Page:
This guest post is by Dan Norris of Web Control Room.
Guest posting is up near the top of every list of ways to grow your blog. The problem is, if you don’t do it correctly, you are more or less wasting your time.
I’ve been writing guest posts for a long time as a way to build interest in my blogs. But until recently I’d never really looked specifically at the results. I’d been assuming, like a lot of bloggers, that I could just get published on some big blogs, and readers would come my way.
My new business, Web Control Room, is a free web app that allows tech savvy business owners to track all their important metrics in the one place. So part of my launch strategy is guest posting on popular blogs for small business owners and bloggers.
In the first few weeks of running my beta I was lucky enough to get published on three well-known industry blogs.
But after analyzing the results, I was shocked. The stats are shown below, “conversions” being the number of people who signed up to use the app in its beta stage.
- Total visitors to my site: 67
- Conversions: 2 (2.9%)
Those figures are for all three guest posts combined—about nine hours work for me!
As you can see, these results fall a long way short of what most people expect when writing guest posts. Not only is the traffic minuscule, the conversion rate was well below that from other sources (some were closer to 10%).
Two problems with guest posting
There are two things that are often forgotten by bloggers publishing guest posts.
- It’s hard to understand an audience when they aren’t your audience. This is a problem when you’re writing your first post on a blog—you really don’t know what is going to appeal to the audience.
- People don’t want to leave their favourite blogs to go back to yours—unless they have a really good reason to.
So if you don’t understand what the readers want, and they don’t want to leave the host blog to come back to yours anyway, what do you do?
In this post I’m going to give you five techniques you can use to directly address these problems, and stop wasting time guest posting.
1. Mention your blog or business
The first thing you absolutely must do in a guest post is mention your blog or business, ideally with a link back to your site. A lot of people forget this. I’ve read some exceptional posts in the past and arrived at the end of the article having no idea who wrote it or what they do. You’ve got to work this into the post, ideally near the start (like I did above).
Some blogs don’t like linking off to your site during the body of the post, but most will allow you to talk about your business if it’s used as an example in your post. If you aren’t talking about your business then you are probably writing generic, boring content anyway, so most good blogs will understand the need for you to do this.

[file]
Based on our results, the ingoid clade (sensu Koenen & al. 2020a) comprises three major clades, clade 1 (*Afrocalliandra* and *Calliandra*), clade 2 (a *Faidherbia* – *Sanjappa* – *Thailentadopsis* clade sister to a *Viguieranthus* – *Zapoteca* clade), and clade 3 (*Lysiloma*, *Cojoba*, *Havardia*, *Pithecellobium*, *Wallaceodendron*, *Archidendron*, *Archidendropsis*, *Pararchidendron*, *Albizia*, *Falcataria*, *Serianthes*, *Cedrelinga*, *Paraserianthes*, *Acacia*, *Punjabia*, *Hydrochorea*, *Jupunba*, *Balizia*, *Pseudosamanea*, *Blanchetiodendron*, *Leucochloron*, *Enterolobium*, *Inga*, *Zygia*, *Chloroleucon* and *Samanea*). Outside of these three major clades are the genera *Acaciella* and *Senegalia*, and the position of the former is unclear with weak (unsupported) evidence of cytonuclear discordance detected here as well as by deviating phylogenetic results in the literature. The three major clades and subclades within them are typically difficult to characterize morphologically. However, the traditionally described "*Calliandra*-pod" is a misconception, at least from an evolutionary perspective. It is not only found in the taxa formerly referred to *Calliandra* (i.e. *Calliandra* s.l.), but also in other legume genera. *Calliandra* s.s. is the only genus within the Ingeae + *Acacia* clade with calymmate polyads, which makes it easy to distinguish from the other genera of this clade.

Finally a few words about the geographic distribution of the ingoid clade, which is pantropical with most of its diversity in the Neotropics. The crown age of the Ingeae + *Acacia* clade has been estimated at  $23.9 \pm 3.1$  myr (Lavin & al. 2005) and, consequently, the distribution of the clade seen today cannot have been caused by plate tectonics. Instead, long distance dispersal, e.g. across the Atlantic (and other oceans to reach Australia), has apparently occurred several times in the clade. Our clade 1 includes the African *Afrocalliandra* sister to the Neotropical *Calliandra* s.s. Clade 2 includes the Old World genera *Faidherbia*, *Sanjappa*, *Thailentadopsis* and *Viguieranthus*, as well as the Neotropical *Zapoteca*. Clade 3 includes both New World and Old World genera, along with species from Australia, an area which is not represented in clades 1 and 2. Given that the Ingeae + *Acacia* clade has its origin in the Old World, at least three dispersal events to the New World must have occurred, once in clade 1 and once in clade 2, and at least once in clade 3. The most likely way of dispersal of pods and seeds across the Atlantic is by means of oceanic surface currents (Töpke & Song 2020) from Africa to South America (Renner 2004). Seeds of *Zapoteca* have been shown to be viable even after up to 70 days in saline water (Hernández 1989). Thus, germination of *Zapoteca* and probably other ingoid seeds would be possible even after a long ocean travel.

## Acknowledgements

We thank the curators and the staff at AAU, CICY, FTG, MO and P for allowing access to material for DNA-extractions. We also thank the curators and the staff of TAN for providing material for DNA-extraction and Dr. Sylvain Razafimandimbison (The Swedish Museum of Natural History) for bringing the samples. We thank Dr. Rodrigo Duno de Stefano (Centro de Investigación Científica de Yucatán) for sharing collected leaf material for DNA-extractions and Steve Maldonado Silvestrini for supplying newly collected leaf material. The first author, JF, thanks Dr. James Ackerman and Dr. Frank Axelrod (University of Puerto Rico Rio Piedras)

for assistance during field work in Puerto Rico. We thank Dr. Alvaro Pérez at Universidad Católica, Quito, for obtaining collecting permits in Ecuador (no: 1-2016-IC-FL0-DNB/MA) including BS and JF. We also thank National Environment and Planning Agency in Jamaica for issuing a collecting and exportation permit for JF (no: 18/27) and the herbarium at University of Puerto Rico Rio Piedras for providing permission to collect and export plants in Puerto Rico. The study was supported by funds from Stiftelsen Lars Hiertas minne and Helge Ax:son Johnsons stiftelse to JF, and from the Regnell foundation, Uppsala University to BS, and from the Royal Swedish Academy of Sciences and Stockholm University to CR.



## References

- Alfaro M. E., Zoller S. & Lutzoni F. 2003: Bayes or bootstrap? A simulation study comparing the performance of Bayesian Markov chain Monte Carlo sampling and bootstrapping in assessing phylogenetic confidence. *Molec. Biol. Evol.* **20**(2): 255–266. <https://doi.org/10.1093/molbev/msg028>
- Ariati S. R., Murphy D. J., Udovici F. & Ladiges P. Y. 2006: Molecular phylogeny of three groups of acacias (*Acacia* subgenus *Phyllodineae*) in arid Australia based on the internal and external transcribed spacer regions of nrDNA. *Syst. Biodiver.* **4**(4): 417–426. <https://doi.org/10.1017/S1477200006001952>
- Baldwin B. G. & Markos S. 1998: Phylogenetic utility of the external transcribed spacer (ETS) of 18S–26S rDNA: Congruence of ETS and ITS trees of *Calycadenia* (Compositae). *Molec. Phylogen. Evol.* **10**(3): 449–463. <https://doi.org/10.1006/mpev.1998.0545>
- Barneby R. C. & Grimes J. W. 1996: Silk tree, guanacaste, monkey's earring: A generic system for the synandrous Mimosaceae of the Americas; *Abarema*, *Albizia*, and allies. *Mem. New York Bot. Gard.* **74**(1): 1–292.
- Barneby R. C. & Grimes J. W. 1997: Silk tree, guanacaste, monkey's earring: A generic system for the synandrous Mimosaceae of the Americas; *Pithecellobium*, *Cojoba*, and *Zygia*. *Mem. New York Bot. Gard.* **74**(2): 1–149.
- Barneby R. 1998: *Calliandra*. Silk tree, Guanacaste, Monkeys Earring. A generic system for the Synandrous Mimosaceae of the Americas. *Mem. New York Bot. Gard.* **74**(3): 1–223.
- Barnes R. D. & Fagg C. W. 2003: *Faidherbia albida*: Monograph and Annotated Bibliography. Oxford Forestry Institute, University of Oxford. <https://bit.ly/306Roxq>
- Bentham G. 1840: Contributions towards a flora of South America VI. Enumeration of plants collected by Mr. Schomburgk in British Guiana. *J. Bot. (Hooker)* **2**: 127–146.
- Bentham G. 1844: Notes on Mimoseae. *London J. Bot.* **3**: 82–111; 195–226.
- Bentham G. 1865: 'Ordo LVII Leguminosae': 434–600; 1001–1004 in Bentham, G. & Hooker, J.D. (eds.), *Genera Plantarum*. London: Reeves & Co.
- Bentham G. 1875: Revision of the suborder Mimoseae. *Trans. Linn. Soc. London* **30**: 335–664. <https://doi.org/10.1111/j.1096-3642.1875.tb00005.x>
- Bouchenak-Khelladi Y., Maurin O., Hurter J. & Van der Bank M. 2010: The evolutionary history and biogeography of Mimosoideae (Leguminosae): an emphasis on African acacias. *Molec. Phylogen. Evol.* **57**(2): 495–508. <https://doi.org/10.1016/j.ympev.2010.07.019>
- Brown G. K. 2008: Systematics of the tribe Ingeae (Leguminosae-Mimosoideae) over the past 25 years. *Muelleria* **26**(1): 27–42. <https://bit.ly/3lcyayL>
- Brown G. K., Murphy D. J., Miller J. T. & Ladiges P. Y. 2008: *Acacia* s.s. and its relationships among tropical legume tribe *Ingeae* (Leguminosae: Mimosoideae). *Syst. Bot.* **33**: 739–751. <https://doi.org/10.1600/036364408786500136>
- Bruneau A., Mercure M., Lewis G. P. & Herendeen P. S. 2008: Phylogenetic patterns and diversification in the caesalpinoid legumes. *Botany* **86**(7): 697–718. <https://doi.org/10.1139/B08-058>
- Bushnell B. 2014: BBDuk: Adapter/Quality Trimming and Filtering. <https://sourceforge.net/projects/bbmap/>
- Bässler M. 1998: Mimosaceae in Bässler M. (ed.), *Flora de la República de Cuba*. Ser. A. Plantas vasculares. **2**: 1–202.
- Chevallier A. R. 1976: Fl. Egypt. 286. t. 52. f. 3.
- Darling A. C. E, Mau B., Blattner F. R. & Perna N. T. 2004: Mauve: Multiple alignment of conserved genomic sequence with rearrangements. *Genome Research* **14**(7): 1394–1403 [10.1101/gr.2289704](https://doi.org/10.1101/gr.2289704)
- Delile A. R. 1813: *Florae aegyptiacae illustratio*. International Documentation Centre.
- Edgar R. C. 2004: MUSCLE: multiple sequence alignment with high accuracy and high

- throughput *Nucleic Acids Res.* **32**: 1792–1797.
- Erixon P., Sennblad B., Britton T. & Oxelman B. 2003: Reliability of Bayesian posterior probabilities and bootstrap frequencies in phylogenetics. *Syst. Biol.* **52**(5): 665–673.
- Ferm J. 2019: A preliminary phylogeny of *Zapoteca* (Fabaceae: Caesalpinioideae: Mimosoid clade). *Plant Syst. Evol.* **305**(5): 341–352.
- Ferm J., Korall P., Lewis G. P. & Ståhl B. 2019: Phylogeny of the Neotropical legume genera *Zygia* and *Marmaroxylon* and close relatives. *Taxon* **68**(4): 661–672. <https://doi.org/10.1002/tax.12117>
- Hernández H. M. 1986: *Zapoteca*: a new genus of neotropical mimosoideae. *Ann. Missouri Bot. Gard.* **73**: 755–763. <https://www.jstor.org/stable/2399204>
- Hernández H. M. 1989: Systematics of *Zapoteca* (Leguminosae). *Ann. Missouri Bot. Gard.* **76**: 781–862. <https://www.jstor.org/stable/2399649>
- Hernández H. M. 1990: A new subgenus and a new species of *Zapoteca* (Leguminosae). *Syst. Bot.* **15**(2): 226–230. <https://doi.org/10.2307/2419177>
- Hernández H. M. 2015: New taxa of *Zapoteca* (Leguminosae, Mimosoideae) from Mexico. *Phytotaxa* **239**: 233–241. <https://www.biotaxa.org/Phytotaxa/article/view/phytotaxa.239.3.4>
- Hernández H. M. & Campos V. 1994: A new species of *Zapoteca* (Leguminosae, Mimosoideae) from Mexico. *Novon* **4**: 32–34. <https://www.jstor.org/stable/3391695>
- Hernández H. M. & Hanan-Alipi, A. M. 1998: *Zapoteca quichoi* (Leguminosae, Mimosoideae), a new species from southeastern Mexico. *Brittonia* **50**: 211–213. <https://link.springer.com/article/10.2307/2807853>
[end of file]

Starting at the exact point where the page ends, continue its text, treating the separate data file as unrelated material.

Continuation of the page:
If you mention your blog or business at the start, it will be at the back of the readers’ minds when they get to the end of the post, where there definitely should be a bio and link back to your site with a compelling pitch targeted to the readers of the host blog.
2. Take a case study approach
To take the first point a step further, why not write a post specifically about what you are doing in your business—a case study? Notice how in the intro above I mentioned specific results I got for guest posts I have written. That’s a small example. An even better one would be to make the entire post about work you have done in your business.
I recently wrote a guest post for Think Traffic, called Which traffic strategy converts best? This post was all about the traffic strategies I was implementing as part of my new business. Because it was about my business, people were naturally interested in checking out my site after they read the post. In fact, I suspect a lot of people going back to the site were simply doing so to see how the site was set up for conversions.
This particular guest post brought in over three times the number of visitors than all three posts I mentioned above combined, not to mention 40+ email subscribers it generated.
Most of the time, the main thing that’s unique about you is that you are the one running your business or blog. Anyone can write general stuff, but only you can write truly unique content with meaningful insights from the work you’ve done—and this is much more interesting than a generic top-ten list.
3. Be nice to the gatekeeper
Most large blogs have someone who manages the content, but who isn’t necessarily the face behind the blog. This person is used to seeing the same spammy guest post email day in, day out, and guest posters following the same standard approach of sending off their article and never returning to the host blog once it’s accepted.
As I mentioned before, it’s hard to get everything right with your first guest post. If you are just doing it for a backlink, there are quicker and easier ways to get the same result.